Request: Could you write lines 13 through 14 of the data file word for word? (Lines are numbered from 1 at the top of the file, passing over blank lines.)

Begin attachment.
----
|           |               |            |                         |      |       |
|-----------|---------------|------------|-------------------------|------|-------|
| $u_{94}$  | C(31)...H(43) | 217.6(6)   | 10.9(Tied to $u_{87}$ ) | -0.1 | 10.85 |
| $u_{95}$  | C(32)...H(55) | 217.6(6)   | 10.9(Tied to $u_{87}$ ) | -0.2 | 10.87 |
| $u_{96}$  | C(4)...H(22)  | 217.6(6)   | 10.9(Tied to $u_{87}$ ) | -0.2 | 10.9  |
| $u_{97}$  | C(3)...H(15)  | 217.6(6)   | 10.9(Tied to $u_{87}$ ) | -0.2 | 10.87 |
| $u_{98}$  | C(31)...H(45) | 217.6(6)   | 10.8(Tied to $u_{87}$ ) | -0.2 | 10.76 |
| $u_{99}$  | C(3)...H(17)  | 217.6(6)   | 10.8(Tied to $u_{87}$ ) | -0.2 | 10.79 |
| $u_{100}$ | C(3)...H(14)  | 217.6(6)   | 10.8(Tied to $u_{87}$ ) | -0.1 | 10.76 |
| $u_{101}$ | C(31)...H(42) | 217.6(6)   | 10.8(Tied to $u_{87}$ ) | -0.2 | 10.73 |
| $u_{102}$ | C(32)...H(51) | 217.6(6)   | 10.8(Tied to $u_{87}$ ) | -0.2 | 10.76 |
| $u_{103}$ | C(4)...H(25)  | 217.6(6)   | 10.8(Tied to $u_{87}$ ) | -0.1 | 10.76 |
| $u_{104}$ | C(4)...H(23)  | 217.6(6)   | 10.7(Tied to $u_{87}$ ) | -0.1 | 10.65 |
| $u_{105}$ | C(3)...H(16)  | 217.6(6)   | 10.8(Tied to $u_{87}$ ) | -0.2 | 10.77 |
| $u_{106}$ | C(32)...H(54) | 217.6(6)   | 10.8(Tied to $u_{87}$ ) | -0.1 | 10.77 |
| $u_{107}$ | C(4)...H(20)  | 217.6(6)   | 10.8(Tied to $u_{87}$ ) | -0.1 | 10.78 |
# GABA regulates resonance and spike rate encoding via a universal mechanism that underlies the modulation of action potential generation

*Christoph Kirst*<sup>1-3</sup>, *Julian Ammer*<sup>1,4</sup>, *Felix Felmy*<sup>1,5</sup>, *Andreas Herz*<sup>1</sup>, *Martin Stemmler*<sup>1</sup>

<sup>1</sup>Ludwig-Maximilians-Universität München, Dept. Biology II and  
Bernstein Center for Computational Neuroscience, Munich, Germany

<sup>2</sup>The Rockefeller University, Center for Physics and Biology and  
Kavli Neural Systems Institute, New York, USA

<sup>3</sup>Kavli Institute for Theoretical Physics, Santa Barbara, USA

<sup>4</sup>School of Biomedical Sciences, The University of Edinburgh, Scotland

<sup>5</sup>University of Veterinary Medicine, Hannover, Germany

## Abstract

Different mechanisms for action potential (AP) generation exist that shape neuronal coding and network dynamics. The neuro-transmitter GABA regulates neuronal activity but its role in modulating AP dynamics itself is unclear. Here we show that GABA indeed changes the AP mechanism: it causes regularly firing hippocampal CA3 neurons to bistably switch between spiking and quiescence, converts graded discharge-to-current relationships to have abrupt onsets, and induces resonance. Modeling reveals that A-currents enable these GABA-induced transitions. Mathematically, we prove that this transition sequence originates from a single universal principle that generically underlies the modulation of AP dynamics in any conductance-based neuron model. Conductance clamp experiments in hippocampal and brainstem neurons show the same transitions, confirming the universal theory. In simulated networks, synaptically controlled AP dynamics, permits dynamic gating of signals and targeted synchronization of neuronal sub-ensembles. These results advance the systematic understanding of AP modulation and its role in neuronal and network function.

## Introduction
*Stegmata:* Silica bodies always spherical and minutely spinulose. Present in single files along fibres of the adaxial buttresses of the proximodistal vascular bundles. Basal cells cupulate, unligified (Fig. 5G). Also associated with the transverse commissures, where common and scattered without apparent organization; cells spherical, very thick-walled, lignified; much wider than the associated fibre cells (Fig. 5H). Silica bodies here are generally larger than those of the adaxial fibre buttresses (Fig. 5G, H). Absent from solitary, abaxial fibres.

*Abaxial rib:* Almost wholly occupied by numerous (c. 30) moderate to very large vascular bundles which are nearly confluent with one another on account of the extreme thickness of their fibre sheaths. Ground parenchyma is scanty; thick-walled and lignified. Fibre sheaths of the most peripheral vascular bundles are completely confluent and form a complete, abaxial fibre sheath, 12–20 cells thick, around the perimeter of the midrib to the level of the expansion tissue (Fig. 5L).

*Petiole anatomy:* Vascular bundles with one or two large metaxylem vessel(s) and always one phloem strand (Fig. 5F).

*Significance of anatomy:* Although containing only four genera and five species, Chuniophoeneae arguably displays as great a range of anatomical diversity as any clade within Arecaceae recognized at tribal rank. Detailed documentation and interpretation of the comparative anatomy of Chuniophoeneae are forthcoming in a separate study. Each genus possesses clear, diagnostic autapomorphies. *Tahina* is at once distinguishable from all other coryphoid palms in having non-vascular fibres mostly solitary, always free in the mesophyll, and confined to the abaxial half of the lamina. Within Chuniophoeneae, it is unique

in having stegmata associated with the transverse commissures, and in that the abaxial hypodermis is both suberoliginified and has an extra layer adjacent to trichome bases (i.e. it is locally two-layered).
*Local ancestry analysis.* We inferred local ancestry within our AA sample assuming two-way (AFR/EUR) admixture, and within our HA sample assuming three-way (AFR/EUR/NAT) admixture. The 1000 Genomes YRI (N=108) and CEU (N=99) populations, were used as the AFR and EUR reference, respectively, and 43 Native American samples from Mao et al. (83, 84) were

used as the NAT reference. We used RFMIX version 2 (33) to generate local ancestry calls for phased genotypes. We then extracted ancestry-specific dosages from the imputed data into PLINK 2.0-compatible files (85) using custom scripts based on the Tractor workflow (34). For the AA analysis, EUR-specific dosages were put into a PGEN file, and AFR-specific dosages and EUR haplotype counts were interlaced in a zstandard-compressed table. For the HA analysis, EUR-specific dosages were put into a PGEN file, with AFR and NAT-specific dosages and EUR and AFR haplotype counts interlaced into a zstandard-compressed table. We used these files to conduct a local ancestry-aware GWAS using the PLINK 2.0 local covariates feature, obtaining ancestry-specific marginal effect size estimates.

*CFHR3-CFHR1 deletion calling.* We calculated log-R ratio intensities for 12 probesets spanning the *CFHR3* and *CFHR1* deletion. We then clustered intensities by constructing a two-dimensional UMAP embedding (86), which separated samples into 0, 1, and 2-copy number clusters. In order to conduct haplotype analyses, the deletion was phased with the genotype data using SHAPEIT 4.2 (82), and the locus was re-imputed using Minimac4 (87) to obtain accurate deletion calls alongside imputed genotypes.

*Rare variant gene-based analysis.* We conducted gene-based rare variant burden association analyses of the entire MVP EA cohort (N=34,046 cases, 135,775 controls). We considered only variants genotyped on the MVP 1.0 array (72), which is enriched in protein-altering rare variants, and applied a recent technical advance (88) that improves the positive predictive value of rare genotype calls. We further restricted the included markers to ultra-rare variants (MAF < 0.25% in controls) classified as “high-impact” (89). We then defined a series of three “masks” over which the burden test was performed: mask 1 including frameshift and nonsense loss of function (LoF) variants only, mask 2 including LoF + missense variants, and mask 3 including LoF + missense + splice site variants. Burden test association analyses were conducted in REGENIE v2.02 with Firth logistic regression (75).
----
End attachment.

| $u_{104}$ | C(4)...H(23)  | 217.6(6)   | 10.7(Tied to $u_{87}$ ) | -0.1 | 10.65 |
| $u_{105}$ | C(3)...H(16)  | 217.6(6)   | 10.8(Tied to $u_{87}$ ) | -0.2 | 10.77 |